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Hugh le Despenser

Born: 1262
Died: 27-Oct-1326
Location of death: Bristol, Gloucestershire, England
Cause of death: Execution

Gender: Male
Race or Ethnicity: White
Occupation: Aristocrat

Nationality: England
Executive summary: Favorite of King Edward II

English courtier, was a son of the English justiciar who died at Evesham. He fought for King Edward I in Wales, France and Scotland, and in 1295 was summoned to parliament as a baron. Ten years later he was sent by the king to Pope Clement V to secure Edward's release from the oaths he had taken to observe the charters in 1297. Almost alone Hugh spoke out for King Edward II's favorite, Piers Gaveston, in 1308; but after Gaveston's death in 1312 he himself became the king's chief adviser, holding power and influence until Edward's defeat at Bannockburn in 1314. Then, hated by the barons, and especially by Earl Thomas of Lancaster, as a deserter from their party, he was driven from the council, but was quickly restored to favor and loaded with lands and honors, being made Earl of Winchester in 1322. Before this time Hugh's son, the younger Hugh le Despenser, had become associated with his father, and having been appointed the king's chamberlain was enjoying a still larger share of the royal favor. About 1306 this baron had married Eleanor (d. 1337), one of the sisters and heiresses of Gilbert de Clare, Earl of Gloucester, who was slain at Bannockburn; and after a division of the immense Clare lands had been made in 1317 violent quarrels broke out between the Despensers and the husbands of the other heiresses, Roger of Amory and Hugh of Audley. Interwoven with this dispute was another between the younger Despenser and the Mowbrays, who were supported by Humphrey Bohun, Earl of Hereford, about some lands in Glamorganshire. Fighting having begun in Wales and on the Welsh borders, the English barons showed themselves decidedly hostile to the Despensers, and in 1321 Edward II was obliged to consent to their banishment. While the elder Hugh left England the younger one remained; soon the king persuaded the clergy to annul the sentence against them, and father and son were again at court. They fought against the rebellious barons at Boroughbridge, and after Lancaster's death in 1322 they were practically responsible for the government of the country, which they attempted to rule in a moderate and constitutional fashion. But their next enemy, Queen Isabella, was more formidable, or more fortunate, than Lancaster. Returning to England after a sojourn in France in 1326 the queen directed her arms against her husband's favorites. The elder Despenser was seized at Bristol, where he was hanged on the 27th of October 1326, and the younger was taken with the king at Llantrisant and hanged at Hereford on the 24th of November following. The attainder against the Despensers was reversed in 1398. The intense hatred with which the barons regarded the Despensers was due to the enormous wealth which had passed into their hands, and to the arrogance and rapacity of the younger Hugh. The younger Despenser left two sons, Hugh (1308-1349), and Edward, who was killed at Vannes in 1342.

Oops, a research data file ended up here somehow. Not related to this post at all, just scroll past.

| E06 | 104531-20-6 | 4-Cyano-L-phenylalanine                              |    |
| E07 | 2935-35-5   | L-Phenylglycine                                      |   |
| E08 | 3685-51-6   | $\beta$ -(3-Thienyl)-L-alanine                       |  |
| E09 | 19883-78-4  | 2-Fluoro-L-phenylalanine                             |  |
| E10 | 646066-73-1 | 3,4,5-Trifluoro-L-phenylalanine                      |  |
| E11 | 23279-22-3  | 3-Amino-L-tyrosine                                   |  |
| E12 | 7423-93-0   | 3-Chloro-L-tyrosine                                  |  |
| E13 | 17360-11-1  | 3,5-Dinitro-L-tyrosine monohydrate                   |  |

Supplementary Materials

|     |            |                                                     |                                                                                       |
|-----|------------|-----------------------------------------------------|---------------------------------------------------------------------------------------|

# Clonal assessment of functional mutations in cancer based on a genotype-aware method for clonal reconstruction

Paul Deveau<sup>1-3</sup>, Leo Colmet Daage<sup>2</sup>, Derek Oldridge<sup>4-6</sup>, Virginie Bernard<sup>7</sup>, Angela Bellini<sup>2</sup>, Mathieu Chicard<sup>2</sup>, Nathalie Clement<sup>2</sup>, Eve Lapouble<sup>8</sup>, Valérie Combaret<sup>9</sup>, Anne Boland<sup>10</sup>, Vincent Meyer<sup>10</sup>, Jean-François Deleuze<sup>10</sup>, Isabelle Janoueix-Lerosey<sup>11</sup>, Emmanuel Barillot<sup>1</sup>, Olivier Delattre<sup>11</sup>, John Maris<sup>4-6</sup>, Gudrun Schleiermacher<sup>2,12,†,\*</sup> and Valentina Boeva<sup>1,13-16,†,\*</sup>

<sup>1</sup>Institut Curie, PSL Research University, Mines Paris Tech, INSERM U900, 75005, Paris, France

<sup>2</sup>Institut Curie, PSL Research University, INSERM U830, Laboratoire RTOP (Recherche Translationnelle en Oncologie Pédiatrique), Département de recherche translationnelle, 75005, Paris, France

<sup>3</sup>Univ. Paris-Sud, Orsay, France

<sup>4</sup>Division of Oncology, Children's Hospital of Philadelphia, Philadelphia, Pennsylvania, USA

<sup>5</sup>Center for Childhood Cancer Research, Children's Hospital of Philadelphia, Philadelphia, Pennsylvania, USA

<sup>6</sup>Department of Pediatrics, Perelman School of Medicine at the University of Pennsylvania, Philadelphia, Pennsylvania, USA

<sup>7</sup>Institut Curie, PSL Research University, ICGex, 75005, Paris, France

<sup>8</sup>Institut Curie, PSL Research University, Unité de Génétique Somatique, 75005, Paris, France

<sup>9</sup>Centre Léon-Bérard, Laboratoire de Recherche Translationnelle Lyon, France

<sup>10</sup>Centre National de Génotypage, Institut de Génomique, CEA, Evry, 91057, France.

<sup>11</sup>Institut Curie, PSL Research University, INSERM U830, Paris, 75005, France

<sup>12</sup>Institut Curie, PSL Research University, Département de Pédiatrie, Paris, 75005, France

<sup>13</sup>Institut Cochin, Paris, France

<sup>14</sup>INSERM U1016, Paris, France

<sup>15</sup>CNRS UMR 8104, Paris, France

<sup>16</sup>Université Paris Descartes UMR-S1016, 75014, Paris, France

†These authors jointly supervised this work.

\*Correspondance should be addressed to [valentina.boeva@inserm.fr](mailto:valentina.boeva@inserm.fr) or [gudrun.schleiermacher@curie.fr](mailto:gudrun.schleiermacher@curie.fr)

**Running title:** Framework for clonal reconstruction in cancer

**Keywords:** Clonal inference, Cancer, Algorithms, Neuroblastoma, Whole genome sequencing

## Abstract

Father: (justiciar)
Wife: Eleanor (m. 1306, d. 1337)
Son: Hugh Le Despenser (d. 24-Nov-1326 execution)



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